Transferring Ownership Of Condo From Developer to Residents
Ask the Real Estate Lawyer: Real Estate Law Q&A
REM #LAW 652
By Ilyce R. Glink and Samuel J. Tamkin
Summary: A reader is on the board of their
newly constructed condominium. They are trying to figure out where the developer's
expenses end and the residence's obligations begin. Sam and Ilyce give the reader
tips on managing this transition.
Q: I enjoy reading your articles on condominium issues in our local newspaper
(article continues below useful links)
I have a couple of questions relating to the obligations of the developer and
condominium owners before the association is turned over to the unit owners
by the developer.
I am currently a board member of our condominium board as well as the treasurer.
Construction of the building began about June 2002 and the building was almost
finished by the end of 2003.
The County issued its certificate of occupancy for the building in November
2003. While the building wasn’t fully completed, a few owners closed on
The new board of directors of the condominium association was elected In April
2004 and the developer turned over the building to the Association at that time.
However, our budget sheet indicates that we started to pay all expenses related
to the operation of our condominium in January 2004.
The association’s records indicate that we started paying on the building’s
insurance starting in November 2003. Why should the association pay the insurance
on the building during the period when we did not even own it? When does our
obligation to start paying for the insurance begin?
Also, a decorative fountain for our front entrance (which was on the plans
for the building, but was never installed) was scrapped because "the owner
requested" this change. In this case, who was the owner at that point?
Was the "owner" the Association or the developer?
A: Once a condominium building is substantially complete, the developer of
this condominium building usually starts to run the building as an ongoing building
that has maintenance and insurance expenses. The developer must obtain and purchase
an insurance policy to cover the condominium association and the building. In
some parts of the country, the developer buys and pays for the policy and is
thereafter reimbursed by each owner as each one closes on his or her condominium
unit. In other parts of the country, the association buys the policy up front
with money paid for by the developer and the developer reimburses itself for
The real question you face is not whether the association should have paid
for this expense. The real issue was whether the developer started paying assessments
on the unsold units.
For an association to run a condominium building, the association must collect
assessments to pay its bills. If the developer was paying bills with its own
funds and did not pay assessments to the association, the end result is that
the associate was financially in the same place and not on the short end of
If, however, the developer used association funds to pay association expenses
but was not paying assessments on the unsold units, the association was at a
When the developer turned over the association to the unit owners, the developer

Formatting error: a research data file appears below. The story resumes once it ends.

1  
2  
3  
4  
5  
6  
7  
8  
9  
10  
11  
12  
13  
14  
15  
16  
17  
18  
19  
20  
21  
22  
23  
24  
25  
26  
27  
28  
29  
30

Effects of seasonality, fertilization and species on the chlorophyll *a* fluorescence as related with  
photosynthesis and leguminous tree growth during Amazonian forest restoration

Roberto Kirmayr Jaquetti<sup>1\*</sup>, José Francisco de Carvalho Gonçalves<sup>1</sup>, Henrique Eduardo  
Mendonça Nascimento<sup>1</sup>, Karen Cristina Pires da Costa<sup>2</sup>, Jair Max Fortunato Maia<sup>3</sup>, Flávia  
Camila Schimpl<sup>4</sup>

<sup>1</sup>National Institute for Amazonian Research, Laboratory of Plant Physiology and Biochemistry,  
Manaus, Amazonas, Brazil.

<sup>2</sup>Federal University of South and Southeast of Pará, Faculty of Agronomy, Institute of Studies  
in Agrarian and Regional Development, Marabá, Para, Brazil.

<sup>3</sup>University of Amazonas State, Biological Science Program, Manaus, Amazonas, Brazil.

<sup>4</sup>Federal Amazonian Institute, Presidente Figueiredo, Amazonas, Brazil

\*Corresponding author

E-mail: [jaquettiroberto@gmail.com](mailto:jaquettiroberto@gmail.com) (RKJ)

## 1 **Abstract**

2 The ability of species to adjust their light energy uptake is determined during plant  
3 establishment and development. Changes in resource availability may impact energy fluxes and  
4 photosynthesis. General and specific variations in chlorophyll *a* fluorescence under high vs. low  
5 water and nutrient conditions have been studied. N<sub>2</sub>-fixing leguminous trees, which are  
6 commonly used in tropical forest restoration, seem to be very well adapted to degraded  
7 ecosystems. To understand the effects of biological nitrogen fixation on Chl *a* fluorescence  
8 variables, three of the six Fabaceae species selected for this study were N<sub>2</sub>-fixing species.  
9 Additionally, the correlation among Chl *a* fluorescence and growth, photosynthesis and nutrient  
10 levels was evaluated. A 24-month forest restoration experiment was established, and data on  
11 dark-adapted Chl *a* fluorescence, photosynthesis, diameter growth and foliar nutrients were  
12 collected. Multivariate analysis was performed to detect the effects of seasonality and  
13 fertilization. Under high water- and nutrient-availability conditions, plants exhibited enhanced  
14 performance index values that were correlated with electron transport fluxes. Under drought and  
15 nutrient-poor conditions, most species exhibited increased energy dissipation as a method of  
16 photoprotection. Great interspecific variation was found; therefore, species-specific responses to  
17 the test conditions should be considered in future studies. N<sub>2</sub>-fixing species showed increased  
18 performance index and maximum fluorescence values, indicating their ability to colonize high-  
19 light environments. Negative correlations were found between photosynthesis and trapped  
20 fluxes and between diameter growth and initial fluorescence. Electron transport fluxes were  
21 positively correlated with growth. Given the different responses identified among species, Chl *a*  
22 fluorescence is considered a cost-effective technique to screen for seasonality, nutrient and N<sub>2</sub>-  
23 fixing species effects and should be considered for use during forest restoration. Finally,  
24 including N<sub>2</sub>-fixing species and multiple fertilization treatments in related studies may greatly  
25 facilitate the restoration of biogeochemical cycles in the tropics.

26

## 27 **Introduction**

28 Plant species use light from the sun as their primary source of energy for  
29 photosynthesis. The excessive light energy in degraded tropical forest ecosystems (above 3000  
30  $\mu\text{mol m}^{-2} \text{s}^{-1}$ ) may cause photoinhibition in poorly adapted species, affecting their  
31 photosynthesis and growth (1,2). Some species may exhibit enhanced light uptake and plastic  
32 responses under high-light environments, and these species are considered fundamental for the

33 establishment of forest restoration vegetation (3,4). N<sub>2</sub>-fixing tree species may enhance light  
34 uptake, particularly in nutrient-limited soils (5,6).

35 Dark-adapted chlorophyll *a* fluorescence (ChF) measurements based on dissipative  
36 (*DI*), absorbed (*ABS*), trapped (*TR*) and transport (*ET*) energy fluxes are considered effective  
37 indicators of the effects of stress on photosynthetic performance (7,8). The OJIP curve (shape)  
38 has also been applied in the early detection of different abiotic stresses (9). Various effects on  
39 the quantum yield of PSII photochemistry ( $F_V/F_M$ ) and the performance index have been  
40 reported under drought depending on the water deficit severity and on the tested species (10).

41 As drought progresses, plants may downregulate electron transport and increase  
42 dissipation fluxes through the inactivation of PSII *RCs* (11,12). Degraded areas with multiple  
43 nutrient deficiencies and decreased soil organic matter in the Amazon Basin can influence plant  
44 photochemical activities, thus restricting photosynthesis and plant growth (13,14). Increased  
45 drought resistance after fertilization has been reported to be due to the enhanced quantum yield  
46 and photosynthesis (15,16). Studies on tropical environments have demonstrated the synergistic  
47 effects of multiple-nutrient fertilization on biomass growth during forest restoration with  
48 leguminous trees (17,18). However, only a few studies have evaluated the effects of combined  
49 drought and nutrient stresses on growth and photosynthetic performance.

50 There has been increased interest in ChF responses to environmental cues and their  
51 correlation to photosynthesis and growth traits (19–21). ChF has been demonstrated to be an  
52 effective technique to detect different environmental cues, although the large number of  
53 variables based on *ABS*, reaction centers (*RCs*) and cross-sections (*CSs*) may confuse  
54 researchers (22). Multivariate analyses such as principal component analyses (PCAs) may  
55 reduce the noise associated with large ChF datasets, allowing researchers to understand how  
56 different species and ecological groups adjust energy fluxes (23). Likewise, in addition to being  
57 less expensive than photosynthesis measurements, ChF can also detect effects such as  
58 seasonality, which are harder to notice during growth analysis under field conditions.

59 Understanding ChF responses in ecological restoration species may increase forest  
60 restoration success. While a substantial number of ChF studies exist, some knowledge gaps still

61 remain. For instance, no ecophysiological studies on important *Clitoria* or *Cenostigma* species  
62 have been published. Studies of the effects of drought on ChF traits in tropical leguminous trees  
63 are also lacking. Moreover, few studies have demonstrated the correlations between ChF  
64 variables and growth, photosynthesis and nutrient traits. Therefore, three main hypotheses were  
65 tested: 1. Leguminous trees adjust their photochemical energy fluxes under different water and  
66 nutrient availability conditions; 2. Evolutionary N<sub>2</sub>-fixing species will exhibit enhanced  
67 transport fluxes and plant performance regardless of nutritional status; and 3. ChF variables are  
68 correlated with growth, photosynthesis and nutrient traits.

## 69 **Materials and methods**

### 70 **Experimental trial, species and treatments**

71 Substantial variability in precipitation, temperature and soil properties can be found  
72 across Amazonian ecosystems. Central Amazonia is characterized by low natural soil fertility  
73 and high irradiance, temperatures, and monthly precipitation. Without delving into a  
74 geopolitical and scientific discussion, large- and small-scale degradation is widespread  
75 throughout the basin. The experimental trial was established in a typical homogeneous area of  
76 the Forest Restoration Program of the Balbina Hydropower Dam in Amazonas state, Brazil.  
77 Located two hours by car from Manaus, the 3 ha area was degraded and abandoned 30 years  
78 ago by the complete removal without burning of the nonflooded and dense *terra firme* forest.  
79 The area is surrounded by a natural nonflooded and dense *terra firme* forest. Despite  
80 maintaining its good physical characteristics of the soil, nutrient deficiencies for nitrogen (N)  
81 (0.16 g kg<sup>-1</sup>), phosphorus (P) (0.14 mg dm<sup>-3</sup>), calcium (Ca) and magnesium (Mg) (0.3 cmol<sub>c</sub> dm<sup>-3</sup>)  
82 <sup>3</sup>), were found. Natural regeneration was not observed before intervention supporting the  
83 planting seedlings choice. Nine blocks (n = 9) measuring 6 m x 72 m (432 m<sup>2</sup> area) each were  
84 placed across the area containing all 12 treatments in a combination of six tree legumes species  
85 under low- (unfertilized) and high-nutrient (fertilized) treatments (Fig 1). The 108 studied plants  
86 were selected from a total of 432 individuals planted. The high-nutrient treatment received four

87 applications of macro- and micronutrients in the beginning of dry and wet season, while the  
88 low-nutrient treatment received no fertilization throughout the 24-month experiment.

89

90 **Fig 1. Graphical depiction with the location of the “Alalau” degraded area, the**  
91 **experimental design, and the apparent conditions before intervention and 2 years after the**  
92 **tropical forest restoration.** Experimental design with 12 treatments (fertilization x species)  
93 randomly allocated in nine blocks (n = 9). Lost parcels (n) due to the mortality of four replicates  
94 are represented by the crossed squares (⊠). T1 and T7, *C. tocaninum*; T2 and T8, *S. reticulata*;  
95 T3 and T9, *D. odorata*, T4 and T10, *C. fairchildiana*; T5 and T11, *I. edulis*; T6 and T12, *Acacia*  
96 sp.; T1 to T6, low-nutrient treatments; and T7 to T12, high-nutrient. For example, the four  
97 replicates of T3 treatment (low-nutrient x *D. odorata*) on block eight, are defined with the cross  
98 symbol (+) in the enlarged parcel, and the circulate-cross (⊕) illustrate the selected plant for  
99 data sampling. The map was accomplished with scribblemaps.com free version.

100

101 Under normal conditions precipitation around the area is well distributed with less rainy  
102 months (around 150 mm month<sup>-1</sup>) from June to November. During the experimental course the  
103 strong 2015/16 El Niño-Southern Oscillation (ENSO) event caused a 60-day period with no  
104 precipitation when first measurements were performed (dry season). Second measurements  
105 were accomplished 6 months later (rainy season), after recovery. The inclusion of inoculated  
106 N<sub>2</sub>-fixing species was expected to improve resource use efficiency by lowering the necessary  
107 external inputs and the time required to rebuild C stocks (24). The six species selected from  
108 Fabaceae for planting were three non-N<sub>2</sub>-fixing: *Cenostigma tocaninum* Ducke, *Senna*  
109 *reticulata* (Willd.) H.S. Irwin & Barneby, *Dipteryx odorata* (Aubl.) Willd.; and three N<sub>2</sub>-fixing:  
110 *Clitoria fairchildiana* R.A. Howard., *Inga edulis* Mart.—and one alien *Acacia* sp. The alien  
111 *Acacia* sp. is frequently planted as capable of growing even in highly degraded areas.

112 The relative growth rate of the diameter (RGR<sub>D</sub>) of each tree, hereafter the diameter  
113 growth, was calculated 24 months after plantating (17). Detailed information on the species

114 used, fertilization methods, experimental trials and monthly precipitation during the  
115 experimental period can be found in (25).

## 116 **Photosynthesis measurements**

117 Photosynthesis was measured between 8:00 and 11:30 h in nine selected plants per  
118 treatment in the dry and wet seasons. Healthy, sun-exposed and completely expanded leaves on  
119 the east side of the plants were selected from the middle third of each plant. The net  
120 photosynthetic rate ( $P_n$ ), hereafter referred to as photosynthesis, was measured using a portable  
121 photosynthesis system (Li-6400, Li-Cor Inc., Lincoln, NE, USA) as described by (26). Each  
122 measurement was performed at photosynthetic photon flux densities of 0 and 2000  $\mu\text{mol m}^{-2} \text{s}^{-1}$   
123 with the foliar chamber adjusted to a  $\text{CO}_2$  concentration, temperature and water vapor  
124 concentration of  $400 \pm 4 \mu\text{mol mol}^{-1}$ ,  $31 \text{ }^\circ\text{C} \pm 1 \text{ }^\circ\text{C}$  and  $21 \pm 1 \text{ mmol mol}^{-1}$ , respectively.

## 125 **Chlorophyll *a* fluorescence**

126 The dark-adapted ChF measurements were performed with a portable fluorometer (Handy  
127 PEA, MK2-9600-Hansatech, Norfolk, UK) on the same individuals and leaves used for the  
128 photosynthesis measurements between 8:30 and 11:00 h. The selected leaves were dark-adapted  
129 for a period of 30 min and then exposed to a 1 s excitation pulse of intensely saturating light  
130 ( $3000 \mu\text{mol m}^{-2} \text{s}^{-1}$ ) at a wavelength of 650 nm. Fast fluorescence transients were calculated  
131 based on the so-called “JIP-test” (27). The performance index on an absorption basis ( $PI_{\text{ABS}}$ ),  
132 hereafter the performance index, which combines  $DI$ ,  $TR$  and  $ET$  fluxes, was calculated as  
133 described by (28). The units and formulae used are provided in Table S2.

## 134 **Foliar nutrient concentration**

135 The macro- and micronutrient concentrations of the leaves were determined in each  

should have delivered an accounting of all funds received by the developer and
all expenses paid by the developer. You should be able to determine whether
the developer paid its fair share of the expenses for the building.
If the developer paid expenses just like all other unit owners, you shouldn’t
have a problem with the timing of the insurance payment. In effect, the developer,
through its assessment payments, paid its fair share of the insurance costs.
If you find out otherwise, you may have an action to recover funds that were
not properly paid by the developer.
If you view it objectively, before the developer closed on the sale of the
first unit the developer was paying for all expenses for the building -- whether
directly or through the association. The key to the puzzle is what happened
after the developer sold and closed on the first condominium unit. If the developer
collected monthly assessments from that unit and subsequent units, you must
try to figure out how those funds were spent.
If you can’t figure out these money issues, there are accounting firms
and law firms that specialize in condominium developments and in the turnover
process from the developer to the condominium association.
Finally, with respect to the fountain issue, the “owner” is the
developer. While the condominium association may have been in existence, the
condominium development was still under the developer’s control and all
plans and construction issues. The developer likely decided not to install the
Frequently, developers change plans, but they usually don’t remove promised
amenities without giving something else to the association in return. If the
development got the short end of the stick from the developer, the owners or
the association may have a legal action against the developer, unless the city
in which you live required its removal.
When considering your legal options, keep in mind that any legal action against
the developer can be extremely expensive and may not be worth the time or effort.
To find out more, you may wish to consult with an attorney that specializes
in condominium law and condominium turnovers.
Samuel J. Tamkin is a Chicago-based real estate attorney. Ilyce
R. Glink’s latest book is 50 Simple Steps You Can Take To Sell Your
Home Faster and For More Money In Any Market. If you have questions for
them, write: Real Estate Matters Syndicate, PO Box 366, Glencoe, IL 60022
or contact them through Ilyce’s website www.thinkglink.com